Saturday, November 03, 2007

text and composers

A few weeks ago after Mass, a parishioner was talking to me, and he pointed out how happy he was that I wasn't using any more of that "Haugen/Haas stuff." I admitted I had made a definite decision to avoid using certain types of songs, regardless of how much affection and nostalgia people have for them.
But...should I really be determining my song choices based on the composer? (I'm not. As you noticed for my All Saints songs, I DID use "Blest Are They," because it is a completely appropriate Communion Antiphon!)
Shouldn't the text and musical reverence of the song take more precedence over purely the composer?
I mean, "Blest Are They," is actually NOT like any song you would hear on the radio. (Use of popular style songs being the biggest argument against many "contemporary" songs.) And I would differentiate also between Haugen/Haas as being simply "folksy" (but what the heck does that mean? Doesn't that just mean "singable by the average person?") as compared with true "contemporary" songs like "Awesome God," for example, which is undeniably a more radio-popular style. (Not saying ANYTHING about the adequateness of the song by itself.) (Life Teen type songs, for example, [which is a completely different post-perhaps I do believe that Life Teen has its place, but let's save that for another time...] )
Anyhow, I can't remember why I went off on that tangent...
so....some songs are simply...not hymns? and perhaps also have the stigma of being written by one composer or another that we normally like to disdain?
Really, can anyone claim that "Blest are They" is an intrinsically poor song? (I think the melody actually nice. The words completely scriptural. Actually, now that I think of it, it tends to alternate between "Blest are they," and "blest are you..." which is it actually scripturally? Is that then the only complaint leveled against it? and a few verses that vary enough in melodic rhythm, that...yeah...)
ok, now I'm rambling.
To summarize more, I just had my choir sing a piece, based on a wonderful famous prayer, but by a rather similar composer to the one mentioned above...if you didn't know the composer, you would think, "oh, what a lovely, reverent, song!" but if (most of you who read this blog...) knew the composer, you'd think, "yech! him again!"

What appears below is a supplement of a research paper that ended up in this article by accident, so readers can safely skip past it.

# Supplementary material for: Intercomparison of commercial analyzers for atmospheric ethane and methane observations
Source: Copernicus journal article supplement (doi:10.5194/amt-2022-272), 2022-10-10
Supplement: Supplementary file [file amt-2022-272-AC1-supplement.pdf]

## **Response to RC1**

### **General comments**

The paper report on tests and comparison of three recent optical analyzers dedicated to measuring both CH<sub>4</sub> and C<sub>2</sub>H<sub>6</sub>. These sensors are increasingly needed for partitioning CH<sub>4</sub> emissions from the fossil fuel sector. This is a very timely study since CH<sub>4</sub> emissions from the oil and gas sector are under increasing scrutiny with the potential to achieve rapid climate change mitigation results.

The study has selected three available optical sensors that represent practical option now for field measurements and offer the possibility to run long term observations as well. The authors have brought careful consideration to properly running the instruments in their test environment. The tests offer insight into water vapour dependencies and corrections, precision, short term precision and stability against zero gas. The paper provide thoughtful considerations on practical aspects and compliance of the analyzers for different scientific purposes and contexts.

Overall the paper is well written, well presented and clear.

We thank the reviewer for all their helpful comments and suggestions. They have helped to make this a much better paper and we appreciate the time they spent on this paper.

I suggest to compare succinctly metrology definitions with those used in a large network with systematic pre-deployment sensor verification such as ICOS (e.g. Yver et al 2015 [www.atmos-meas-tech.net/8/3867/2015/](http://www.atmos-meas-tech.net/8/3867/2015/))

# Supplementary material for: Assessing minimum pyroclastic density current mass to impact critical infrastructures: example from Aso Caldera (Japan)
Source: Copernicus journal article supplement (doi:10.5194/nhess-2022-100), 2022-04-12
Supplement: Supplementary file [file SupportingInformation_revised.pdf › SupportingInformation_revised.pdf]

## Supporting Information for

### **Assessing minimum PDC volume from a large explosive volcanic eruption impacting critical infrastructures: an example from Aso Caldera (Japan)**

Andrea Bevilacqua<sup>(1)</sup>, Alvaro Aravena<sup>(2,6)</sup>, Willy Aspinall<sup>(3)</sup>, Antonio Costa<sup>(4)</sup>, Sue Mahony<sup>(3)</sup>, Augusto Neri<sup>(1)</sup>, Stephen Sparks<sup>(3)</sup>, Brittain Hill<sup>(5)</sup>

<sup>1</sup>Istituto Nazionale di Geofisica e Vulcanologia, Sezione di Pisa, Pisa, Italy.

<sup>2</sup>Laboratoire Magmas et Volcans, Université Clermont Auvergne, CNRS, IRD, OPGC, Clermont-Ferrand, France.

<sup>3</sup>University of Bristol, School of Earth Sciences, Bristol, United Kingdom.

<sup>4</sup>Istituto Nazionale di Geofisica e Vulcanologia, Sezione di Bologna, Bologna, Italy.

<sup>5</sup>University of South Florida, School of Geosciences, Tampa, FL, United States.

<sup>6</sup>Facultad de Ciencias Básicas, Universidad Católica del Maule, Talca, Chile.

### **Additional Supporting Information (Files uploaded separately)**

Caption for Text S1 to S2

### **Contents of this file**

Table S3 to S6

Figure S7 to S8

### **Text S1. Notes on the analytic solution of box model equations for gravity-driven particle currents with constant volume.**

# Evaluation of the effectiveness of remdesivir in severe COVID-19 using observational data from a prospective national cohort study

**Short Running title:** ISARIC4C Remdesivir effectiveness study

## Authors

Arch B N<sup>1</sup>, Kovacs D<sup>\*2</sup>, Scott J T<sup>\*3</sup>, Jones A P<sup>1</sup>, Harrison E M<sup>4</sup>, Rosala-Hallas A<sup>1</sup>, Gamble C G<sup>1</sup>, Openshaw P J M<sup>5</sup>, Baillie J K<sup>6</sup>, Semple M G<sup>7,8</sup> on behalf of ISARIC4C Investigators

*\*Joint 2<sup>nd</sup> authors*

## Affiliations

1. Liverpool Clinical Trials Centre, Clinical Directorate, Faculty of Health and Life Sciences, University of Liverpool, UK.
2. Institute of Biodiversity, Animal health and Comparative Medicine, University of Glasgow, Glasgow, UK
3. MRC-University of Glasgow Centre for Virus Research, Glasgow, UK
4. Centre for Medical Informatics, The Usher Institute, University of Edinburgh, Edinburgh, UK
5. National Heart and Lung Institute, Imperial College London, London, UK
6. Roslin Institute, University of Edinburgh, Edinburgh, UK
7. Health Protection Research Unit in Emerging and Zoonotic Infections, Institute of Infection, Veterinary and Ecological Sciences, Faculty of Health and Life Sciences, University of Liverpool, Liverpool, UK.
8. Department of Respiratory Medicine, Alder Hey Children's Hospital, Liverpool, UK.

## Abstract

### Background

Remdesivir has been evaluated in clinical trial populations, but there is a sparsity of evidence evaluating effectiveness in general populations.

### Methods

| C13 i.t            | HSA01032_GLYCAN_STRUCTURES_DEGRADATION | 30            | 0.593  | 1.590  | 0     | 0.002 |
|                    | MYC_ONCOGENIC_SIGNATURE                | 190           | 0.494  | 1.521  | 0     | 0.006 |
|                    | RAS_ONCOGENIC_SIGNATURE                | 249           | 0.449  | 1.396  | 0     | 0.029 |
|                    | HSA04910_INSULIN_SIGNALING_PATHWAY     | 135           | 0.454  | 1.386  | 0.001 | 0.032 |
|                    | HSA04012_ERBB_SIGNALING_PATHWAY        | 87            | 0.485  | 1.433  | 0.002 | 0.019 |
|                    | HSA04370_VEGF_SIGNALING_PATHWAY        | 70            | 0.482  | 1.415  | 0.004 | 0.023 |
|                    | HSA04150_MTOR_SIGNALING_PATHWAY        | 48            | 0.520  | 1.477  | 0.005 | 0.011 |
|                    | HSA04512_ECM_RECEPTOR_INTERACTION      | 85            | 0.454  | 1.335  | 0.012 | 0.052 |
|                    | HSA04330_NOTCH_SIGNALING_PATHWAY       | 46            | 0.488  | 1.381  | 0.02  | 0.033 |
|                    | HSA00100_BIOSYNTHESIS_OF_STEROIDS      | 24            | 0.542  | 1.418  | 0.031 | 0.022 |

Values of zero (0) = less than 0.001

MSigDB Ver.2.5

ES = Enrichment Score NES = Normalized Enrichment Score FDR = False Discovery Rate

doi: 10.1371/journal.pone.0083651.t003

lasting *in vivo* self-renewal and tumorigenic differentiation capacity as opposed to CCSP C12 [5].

but is that really fair?

3 comments:

Anonymous said...

I think blind hatred of a composer is irrational and utterly inconsistent with Catholic teaching on music and charity. Joncas wrote an 8-voice motet, after all. I prefer to do my evaluation based on the individual piece (or at least the style) rather than blanket judgments on music I don't know.

And I would argue that "Blest are They" is intrinsically poor as liturgical/devotional music, since the singing is NOTHING like the accompaniment. This makes it difficult to sing, except for people like you and I who grew up always having to sing it. It certainly can't be easily learned. My opinion is that much of what passes for liturgical music today is more appropriate as devotional music for non-liturgical communal prayer. And that's an entirely different set of judgments.

And the deal with "Blest are they/you" is because there's at least 2 different accounts of the Beatitudes in scripture. One says "Blessed are the ___" and the other says "Blessed are you" or something. Interestingly, one of the accounts adds in "but woe to you", which you don't hear in the song :P

-Gavin

Cantor said...

Speaking of the Beatitudes, have you all noticed that the Gospel reading for All Saints leaves out what is probably the biggest “kicker” line to match the reading to the day:

“...for thus did they persecute the prophets who went before you.”

Gavin, I disagree that Blest Are They is difficult to sing - unless we mean that the congregation would be expected to sing the verses. Re the accompaniment, most accompanists are competent to modify an accompanist to double the melody, anyway.

BONIFACE said...

Mara-

While in general you cannot decide based on who the composer is, I think you can do so when the composers happen to be known dissidents. Part of what you need to take into consideration is what the author means by the words he writes. What does Haugen mean when he speaks of the Bread of Life? Since he is a Lutheran, we know he does not mean what we mean, and therefore I think his songs ought to not be used.